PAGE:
The Party Wall Act enters into effect if somebody is planning to do work on an appropriate structure, for the purposes of the Act ‘party wall’ does not simply mean the wall in between two semi-detached homes, as far as garden enthusiasts are concerned it covers:
- A garden wall, where the wall is astride the boundary line (or butts up against it) and is used to separate the homes but is not part of any building.
- Excavation near to a neighbouring residential or commercial property.
For information of how the Party Wall Act affects structure operate in basic, take a look at this page.
Similar to all work impacting neighbours, it is constantly much better to reach a friendly arrangement rather than resort to any law. Even where the work requires a notification to be served, it is much better to informally talk about the intended work, consider the neighbours comments, and change your strategies (if appropriate) prior to serving the notice.
What garden work needs a notification and consent.
The general principle of the Party Wall Act is that all work which may have an impact upon the structural strength or assistance function of the party wall or may cause damage to the neighbouring side of the wall should be notified. Advice needs to be sought from a regional Structure Control Office or expert surveyor/architect if in doubt.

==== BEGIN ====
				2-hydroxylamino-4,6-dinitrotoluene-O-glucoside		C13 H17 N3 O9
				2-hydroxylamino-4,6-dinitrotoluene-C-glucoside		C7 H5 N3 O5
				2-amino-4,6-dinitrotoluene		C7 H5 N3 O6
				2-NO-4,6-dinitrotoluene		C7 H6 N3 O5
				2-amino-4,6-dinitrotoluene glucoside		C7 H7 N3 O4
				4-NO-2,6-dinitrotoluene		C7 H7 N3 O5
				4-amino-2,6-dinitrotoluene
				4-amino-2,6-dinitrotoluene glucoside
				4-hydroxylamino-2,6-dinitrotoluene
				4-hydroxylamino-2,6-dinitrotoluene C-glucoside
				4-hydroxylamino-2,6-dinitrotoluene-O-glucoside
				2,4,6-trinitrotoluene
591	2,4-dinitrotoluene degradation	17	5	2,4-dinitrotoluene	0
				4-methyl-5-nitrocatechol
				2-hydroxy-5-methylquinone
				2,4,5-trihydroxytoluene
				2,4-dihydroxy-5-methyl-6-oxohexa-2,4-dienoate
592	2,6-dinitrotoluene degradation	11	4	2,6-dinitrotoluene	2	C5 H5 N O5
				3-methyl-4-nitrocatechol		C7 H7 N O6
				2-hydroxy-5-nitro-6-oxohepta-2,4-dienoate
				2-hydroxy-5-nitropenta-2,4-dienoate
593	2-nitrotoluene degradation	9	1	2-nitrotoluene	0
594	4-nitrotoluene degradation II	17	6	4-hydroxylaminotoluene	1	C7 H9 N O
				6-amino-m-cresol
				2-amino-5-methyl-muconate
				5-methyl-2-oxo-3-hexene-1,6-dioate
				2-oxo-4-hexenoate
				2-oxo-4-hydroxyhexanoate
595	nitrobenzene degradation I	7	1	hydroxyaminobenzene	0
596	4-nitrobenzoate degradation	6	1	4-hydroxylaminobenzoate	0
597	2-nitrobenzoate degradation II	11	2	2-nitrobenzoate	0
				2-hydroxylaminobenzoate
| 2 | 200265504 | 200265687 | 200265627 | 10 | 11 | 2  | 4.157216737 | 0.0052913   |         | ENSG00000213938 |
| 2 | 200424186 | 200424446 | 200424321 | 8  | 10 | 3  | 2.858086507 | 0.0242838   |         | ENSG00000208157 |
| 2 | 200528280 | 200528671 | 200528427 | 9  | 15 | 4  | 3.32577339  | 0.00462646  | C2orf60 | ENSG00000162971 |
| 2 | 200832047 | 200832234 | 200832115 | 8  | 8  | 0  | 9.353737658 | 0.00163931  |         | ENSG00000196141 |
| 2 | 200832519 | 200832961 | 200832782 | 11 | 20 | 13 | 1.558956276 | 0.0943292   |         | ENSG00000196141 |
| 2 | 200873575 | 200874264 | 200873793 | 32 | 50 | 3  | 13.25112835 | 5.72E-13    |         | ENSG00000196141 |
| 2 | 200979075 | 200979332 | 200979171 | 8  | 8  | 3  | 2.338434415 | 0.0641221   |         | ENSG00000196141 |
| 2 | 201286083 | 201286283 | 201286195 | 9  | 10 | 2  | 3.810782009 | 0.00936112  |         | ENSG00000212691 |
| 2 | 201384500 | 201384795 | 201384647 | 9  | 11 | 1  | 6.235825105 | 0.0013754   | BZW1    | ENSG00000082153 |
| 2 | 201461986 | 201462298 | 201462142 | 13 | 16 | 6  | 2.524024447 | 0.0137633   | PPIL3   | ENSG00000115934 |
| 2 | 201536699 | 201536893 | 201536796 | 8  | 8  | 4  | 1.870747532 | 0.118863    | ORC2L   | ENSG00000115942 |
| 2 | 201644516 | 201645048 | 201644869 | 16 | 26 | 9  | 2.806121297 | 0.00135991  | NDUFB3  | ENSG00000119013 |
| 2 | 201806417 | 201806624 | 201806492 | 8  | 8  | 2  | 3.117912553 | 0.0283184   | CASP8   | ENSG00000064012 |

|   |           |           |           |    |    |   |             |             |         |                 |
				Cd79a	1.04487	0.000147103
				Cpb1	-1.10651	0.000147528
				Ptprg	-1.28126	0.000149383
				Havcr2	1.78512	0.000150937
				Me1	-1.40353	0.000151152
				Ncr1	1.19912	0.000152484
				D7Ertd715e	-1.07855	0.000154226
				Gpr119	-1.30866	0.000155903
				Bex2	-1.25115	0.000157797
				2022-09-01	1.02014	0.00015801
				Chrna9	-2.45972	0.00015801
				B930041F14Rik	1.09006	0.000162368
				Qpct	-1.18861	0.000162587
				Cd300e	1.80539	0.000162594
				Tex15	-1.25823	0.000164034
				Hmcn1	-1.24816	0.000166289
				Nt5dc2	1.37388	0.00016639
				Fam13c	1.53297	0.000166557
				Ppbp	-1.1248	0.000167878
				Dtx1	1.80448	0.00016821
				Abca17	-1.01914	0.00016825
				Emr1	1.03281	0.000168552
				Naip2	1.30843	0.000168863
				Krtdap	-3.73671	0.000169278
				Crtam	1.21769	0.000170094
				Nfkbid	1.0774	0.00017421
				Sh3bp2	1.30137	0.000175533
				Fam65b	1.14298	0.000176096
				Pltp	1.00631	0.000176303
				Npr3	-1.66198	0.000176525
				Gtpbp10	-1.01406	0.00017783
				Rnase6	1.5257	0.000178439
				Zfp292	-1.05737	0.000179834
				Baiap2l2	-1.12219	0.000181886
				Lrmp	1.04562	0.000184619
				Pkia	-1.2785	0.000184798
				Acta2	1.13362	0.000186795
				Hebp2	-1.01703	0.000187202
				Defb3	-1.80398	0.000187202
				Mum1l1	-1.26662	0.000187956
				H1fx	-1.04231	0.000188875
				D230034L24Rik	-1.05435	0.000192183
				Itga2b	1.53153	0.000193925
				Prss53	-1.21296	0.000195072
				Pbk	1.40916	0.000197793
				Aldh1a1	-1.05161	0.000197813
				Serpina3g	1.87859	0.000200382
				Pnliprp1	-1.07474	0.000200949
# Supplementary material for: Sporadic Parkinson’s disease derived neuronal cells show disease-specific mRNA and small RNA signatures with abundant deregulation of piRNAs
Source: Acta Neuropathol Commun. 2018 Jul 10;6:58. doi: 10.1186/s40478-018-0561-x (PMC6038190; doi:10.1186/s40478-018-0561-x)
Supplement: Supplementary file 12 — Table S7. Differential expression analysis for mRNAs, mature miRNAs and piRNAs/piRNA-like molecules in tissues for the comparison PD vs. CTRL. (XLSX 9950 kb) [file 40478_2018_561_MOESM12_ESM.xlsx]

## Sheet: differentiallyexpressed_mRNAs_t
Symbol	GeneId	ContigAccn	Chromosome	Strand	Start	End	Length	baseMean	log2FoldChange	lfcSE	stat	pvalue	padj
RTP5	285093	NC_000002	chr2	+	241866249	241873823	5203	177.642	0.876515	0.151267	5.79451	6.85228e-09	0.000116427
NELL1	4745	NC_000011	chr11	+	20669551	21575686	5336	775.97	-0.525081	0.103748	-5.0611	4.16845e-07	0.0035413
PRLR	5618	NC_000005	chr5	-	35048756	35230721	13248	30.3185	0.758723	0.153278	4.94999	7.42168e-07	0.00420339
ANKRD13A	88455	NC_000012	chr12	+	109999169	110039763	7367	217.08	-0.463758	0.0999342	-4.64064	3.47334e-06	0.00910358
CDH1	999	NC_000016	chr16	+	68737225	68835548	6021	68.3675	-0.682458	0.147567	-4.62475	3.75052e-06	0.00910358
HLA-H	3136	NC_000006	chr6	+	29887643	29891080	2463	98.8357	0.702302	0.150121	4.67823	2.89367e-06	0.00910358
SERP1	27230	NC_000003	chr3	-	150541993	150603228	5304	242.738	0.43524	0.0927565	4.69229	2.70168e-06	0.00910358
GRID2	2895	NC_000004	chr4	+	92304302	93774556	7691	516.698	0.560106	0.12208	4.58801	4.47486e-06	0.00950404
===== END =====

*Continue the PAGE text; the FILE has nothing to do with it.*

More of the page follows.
Work in the garden covered by the Party Wall Act include:
- To destroy and/or rebuild/build a party border wall.
- To increase the height or thickness of a party limit wall.
- Excavations within 3 metres of a neighbouring structure where the excavation will go listed below the bottom of the foundations of the neighbouring building.
- Excavations within 6 metres of a neighbouring structure where the excavation will go listed below a line drawn 45 ° downwards from the bottom of the foundations of the neighbouring building.
If the prepared deal with a border wall falls under the Party Wall Act, a notification must be released to all impacted neighbouring parties. The notice must consist of (see sample letters in Part 5 of the Party Wall brochure):.